Chapter

The Emergence and Survival of Microbreweries in Hungary

Authors:
  • HUN-REN Centre for Economic and Regional Studies
  • Centre for Economic and Regional Studies
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Abstract

This chapter investigates the emergence of microbreweries in Hungary after 2000. The privatization of the Hungarian beer industry leads to the dominance of the big multinational enterprises. Although in the early phase of the transition the number of microbreweries increased rapidly, their number had declined considerably during analyzed period. Our major findings are as follows: Microbreweries are typically short-lived, and they live only four years in average during a fifteen-year period. The entry rate of microbreweries was greater after the economic crisis than before it, while the exit rate decreased. However, in recent years, due to the new regulations on the beer market, relatively low entry costs, and rapidly growing demand for craft beers, the number of microbreweries started to increase again. New wave microbreweries efficiently reflect to the new generation demand for higher priced craft beers, and thus, they are able to create and exploit a new market segment. They concentrate on large university cities and Budapest using efficiently social media as a marketing tool.

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... Hopenhayn [47] also concluded that older firms enjoy higher profits and value. In the Hungarian beer industry, a company survives an average of 4 years, while the median value is 5.9 years; however, the mean and median lifetimes of microbreweries are less than half that of nonmicrobreweries [48]. ...
... Beside significantly lightened bureaucratic obligations, for the small-scale producers (breweries) excise duty was reduced by 50 percent. These reductions in entry barriers had a positive impact on companies and employment [48]. Also, home brewing up to 1000 litres became tax-free, which could be a competition for craft breweries. ...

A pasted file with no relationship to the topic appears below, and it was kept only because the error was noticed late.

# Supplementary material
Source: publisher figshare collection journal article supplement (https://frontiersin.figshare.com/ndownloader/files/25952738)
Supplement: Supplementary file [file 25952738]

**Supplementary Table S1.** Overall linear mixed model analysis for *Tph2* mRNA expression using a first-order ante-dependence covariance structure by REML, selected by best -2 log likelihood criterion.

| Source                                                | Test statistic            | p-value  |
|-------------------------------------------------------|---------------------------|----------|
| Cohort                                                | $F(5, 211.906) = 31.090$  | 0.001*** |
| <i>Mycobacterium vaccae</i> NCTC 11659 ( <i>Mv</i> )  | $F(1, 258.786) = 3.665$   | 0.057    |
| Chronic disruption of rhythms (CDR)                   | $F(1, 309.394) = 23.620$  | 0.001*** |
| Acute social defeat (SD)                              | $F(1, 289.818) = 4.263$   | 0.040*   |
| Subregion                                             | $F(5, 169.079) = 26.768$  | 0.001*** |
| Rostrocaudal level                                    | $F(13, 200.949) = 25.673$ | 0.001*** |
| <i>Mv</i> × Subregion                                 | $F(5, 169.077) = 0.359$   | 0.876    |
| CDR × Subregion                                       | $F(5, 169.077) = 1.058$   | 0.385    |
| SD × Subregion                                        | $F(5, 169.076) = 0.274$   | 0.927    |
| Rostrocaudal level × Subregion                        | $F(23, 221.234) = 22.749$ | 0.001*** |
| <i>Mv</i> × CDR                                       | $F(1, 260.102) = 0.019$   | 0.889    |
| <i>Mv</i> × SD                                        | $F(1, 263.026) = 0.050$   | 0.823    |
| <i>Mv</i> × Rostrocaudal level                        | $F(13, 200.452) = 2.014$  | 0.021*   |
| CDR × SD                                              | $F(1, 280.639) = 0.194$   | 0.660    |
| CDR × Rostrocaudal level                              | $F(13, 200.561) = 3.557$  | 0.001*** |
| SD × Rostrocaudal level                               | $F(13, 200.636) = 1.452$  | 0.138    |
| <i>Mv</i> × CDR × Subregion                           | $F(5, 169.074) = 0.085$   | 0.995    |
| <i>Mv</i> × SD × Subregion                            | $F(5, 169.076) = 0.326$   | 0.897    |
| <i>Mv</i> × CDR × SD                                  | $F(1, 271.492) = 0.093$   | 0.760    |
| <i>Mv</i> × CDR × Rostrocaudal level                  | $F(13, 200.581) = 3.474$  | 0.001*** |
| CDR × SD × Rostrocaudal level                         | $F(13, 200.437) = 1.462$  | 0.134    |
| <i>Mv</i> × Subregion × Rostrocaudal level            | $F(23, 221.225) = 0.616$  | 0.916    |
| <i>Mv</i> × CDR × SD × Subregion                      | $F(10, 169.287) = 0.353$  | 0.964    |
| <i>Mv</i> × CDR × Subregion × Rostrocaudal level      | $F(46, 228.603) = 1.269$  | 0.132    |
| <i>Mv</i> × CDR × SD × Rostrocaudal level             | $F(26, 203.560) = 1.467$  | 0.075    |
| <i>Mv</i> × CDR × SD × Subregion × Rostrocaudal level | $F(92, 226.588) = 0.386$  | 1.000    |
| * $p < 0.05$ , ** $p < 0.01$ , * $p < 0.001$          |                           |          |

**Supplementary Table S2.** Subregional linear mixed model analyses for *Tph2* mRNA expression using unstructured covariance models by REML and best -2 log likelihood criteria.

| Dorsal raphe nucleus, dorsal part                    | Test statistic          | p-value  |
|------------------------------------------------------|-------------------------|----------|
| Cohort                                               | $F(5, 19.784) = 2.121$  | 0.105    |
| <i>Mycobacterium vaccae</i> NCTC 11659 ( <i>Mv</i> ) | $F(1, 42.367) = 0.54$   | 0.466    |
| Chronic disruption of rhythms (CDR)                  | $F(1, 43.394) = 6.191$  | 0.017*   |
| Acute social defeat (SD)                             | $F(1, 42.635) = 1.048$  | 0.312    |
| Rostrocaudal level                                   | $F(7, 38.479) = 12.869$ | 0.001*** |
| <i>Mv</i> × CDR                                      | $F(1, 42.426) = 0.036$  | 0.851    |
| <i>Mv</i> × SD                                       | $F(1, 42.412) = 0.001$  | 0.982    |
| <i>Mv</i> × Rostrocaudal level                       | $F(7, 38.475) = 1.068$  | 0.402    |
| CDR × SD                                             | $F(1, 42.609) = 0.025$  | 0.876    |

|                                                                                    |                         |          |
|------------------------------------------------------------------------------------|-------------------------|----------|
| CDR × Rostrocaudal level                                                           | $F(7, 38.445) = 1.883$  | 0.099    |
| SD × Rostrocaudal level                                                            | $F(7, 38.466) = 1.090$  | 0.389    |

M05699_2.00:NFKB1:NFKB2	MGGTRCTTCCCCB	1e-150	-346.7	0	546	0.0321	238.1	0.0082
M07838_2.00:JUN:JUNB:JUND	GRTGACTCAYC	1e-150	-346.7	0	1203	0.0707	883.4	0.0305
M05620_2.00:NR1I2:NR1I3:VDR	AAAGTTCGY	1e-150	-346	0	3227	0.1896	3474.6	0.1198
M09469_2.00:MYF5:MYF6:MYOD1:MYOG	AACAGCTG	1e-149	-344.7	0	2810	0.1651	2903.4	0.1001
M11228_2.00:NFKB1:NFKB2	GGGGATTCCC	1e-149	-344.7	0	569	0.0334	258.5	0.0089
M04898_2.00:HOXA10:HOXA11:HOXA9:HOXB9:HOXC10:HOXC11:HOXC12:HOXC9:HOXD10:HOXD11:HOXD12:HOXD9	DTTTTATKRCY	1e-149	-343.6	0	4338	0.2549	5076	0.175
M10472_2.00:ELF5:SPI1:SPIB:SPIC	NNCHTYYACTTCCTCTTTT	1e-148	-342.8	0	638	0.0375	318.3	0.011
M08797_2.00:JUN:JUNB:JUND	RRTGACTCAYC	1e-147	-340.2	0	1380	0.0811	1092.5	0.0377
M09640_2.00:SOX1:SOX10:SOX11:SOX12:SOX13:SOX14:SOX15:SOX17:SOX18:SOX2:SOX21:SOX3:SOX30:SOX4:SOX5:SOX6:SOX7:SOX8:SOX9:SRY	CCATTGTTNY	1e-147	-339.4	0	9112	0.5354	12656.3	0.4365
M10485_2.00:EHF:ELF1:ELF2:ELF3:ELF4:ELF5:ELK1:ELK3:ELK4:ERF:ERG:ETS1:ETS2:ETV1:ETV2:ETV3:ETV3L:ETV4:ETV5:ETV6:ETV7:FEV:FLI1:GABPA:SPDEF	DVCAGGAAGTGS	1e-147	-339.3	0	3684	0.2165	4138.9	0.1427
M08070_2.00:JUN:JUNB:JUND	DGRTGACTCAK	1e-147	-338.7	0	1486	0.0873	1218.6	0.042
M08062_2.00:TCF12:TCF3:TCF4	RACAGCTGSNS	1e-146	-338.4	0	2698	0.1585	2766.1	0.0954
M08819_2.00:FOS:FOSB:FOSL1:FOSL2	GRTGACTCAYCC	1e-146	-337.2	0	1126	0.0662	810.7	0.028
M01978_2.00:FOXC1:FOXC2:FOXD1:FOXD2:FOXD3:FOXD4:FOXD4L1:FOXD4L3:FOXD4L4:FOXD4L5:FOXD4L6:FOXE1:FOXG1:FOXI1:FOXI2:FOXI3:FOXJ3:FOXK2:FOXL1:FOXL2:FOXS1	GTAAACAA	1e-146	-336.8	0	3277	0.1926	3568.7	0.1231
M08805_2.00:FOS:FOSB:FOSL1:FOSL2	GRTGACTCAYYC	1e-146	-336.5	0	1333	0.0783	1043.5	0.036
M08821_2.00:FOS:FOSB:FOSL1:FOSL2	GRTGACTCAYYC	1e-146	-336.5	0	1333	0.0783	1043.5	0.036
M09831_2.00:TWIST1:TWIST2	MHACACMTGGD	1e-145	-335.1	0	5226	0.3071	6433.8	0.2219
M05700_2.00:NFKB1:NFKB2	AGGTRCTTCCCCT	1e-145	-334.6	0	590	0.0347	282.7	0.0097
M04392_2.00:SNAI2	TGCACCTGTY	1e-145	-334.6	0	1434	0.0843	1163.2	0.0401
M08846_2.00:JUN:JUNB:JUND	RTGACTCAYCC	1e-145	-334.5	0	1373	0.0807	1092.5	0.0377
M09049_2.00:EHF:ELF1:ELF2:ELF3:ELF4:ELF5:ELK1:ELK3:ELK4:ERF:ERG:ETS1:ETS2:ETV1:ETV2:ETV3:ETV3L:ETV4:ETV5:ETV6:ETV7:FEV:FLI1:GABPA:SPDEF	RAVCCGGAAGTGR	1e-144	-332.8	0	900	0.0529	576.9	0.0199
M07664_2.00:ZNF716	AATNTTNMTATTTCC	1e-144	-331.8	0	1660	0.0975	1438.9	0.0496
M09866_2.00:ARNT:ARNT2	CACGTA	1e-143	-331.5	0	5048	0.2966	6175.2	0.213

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... Globally, mergers and acquisitions strongly contributed to a dramatic consolidation of the beer industry in the 1990s and 2000s. This was most dramatically demonstrated in Eastern Europe, where, after the collapse of the communist regime in 1989, the privatization of previously state-owned breweries led in the 1990s to the takeover of local breweries by multinational brewers such as AB Inbev,³ Heineken, and Carlsberg (Van Herck et al., 2012;Fertő et al., 2018;Chlebicka et al., 2018;Pokrivčák et al., 2018). ...
... This occurred across the global (Garavaglia & Swinnen, 2018a, 2020 Clemons et al. (2006) claim that in the United States, hyper-differentiation increases the diversity in craft beer and ultimately the prices of beer as well as consumer satisfaction. Consumers who value craft beer positively are willing to pay higher prices (Garavaglia & Swinnen, 2018b;Elzinga et al., 2018;Fertő et al., 2018). Therefore, firms need to know the factors that consumers identify with craft beer. ...
... To give an impression of the size of the market, in the year 2016 global beer consumption was estimated at approximately 186.89 million kilolitres (Kirin Holdings Company, 2017), up slightly from a figure of 183.78 million kilolitres the preceding year (Kirin Holdings Company, 2016). In concert with this increase in the consumption of beer, there has also been a marked increase in the number of innovative microbreweries operating in many countries (e.g., Hungary, North America, UK, and Italy; Fertő, Fogarasi, Major, & Podruzsik, 2018;Price, 2018) experimenting with beer. For example, Sailors Grave Brewing™ in Australia have been experimenting with the use of products such as seaweed, mushrooms, grapefruit, pumpkin, and yoghurt in their beers (http://www.sailorsgravebrewing.com/). ...
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